It's nasty to young people, who are nerdy, virginal try-hards. It acknowledges for a moment the severe difficulties faced by young people, fresh out of university, but then doesn't try to talk about why or how or because of who this generational discrepancy has occured.
It is also nasty towards men in their early forties (which Blonde and Chubby inhabit). Graham (the Baddie), is initially nice to Blonde and Chubby, believing they are successful, purely because of their age.

Tenthly, the treatment of women. OH DEAR. The nerdy one (Lyle) has fallen in love with a dance teacher at google, but then Blonde and Chubby take the 'team' out on the piss. The piss-up happens in a Cantonese restaurant, then a strip joint. THEN: ha! Hey-hey! The hot girl is one of the strippers.
Also, 'the hot one' and Blonde hit it off, go out for dinner. She hasn't had 10 years of depressing dates with dickheads. As a true Gentleman, Blonde then proceeds to be an absolute dickbag, and ends up in bed with the hot one. MEANING: be a dick. Girls go for that.

Eleventhly, the sense of 'University of Life' witticisms. TOO TIRED TO THINK.

Twelfthly, the sense of this film being 'out of time', dot-com bubble, young people unemployed out of college.

I CAN'T DO THIS ANYMORE.

Basically, this may not be a very good idea for a blog. I will publish it. If you want to contribute you can, but I am too tired from all this negative energy. I used to be able to do this negative run for days. Now I can't really deal with it anymore. AH WELL. EDINBURGH TOMORROW!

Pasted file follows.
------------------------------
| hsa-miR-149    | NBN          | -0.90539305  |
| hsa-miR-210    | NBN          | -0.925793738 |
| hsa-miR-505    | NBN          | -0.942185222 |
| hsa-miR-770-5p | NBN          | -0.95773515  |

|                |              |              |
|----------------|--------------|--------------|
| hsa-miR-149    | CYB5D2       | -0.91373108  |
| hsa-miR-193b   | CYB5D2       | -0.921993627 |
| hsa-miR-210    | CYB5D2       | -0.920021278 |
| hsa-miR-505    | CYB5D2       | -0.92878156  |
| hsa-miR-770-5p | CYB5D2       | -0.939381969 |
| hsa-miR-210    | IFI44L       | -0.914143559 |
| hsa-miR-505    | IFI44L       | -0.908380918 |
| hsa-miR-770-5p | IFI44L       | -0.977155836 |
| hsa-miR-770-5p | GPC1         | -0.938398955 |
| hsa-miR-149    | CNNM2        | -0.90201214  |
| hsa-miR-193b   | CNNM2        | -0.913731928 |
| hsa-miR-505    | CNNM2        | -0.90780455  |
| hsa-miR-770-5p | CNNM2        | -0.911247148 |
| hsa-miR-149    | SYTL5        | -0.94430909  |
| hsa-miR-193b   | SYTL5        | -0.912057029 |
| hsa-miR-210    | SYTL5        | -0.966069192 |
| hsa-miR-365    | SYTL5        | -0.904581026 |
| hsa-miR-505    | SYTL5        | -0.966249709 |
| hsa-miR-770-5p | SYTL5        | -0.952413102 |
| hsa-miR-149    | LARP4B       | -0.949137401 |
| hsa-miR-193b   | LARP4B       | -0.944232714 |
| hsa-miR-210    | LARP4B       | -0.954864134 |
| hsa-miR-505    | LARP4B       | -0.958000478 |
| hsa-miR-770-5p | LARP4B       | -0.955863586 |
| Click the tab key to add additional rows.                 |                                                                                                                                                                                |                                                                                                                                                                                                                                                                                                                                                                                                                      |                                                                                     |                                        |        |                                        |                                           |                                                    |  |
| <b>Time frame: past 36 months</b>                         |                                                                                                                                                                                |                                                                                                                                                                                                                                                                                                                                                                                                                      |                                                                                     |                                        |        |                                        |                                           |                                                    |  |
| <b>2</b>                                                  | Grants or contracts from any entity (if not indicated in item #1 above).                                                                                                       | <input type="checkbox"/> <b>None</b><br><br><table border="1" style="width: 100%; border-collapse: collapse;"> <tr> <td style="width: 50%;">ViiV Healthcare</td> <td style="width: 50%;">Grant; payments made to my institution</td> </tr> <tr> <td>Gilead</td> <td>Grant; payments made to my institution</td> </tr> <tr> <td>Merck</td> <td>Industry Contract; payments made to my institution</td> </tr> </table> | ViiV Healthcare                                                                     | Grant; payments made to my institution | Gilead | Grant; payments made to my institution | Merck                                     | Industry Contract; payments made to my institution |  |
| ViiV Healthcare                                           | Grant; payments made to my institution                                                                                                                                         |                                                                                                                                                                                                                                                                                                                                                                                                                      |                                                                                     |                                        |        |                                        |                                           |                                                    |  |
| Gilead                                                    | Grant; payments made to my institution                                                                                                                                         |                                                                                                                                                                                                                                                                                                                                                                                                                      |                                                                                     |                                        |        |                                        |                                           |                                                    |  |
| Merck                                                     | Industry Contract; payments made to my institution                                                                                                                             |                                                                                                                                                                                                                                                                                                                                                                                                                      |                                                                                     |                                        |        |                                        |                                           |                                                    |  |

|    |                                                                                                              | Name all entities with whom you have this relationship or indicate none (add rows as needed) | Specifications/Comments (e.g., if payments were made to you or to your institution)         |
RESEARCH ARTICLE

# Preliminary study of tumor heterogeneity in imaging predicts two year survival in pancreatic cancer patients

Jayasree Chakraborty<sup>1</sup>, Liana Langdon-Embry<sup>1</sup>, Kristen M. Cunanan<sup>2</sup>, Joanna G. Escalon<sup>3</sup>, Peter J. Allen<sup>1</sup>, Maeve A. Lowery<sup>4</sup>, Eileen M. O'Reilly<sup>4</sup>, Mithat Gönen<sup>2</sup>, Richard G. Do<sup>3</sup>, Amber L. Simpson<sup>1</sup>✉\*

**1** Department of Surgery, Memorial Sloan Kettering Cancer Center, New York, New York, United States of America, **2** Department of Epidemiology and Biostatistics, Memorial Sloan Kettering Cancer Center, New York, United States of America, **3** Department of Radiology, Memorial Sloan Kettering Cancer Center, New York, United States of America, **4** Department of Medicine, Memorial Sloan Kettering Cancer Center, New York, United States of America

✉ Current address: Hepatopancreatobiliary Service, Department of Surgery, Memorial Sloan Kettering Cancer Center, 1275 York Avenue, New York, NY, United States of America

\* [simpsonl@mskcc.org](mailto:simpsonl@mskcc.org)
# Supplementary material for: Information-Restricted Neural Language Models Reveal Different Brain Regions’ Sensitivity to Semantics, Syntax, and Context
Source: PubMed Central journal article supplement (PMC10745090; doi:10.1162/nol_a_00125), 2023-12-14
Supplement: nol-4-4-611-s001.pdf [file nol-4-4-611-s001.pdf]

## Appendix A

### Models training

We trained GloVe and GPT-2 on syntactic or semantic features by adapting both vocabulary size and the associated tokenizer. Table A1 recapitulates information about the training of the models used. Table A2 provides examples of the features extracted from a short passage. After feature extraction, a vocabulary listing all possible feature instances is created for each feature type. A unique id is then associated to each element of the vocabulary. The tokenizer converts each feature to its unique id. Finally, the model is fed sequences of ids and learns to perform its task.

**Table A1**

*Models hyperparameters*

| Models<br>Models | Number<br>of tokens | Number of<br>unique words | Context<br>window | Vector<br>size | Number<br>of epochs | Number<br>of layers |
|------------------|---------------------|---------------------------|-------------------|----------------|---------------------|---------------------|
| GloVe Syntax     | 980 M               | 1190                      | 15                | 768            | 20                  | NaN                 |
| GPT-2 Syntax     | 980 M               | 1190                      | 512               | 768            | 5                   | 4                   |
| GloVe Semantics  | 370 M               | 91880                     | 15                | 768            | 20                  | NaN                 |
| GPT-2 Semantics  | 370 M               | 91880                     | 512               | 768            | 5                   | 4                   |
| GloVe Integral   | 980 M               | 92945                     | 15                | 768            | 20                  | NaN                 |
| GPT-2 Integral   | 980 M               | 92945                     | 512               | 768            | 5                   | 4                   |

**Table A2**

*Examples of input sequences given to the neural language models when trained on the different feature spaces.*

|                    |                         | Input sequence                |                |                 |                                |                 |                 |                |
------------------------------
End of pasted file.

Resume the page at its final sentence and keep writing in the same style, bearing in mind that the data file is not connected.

Sunday, 7 July 2013

7th July 2013 - Back to the Grindstone

So, this is it. I had officially taken a year off performing (apart from the odd spot here and there) but we're finally starting again. I'm going to start this blog again, twitter also. Firstly, I will be performing in this show in Edinburgh every day: https://www.edfringe.com/whats-on/comedy/alexander-bennett-s-afraid-of-the-dark
I will probably not be doing the Edinburgh Podcasts, unless someone is willing to give me recording equipment. But stay tuned about that. Also, I'm getting back into regular stand-up, see the gig list to the right of this blog.

The reasons why I decided not to do stand-up for a while have to do with the sheer visceral intensity of performing. If I don't do a gig for months, and then do one, the hit of adrenaline is enough to keep me an insomniac for 2 nights, then dropping violently and feeling horrible for a week. So, I reasoned, doing stand-up in Holland just isn't worth it. I was only able do gig about once a month (if I was lucky) and once, because the MC had forgotten to tell the audience I was doing the gig in English, I wasn't able to do any material and improvise for 10 minutes in Dutch. This wasn't such a disaster as I felt it would be when I saw everyone in the audience unable to switch languages. It wasn't even that late; Nijmegen, you disappointed me.

The last gig I did in Holland was in Utrecht, at Tivoli. This was fun, especially since the MC was so thoughtful to introduce me as the 'ugliest comic on the circuit', which was exactly why I wasn't successful in the UK. The reveal, that I actually was Dutch, was pretty cool. I love the look on people's faces when their cognitive system bridges the gap of non-understanding to understanding. That's also a lot of fun when you're teaching. The moment where people go: 'OoohhaahahahahahaaHAAA!!' is a pretty good summation of my style at the moment.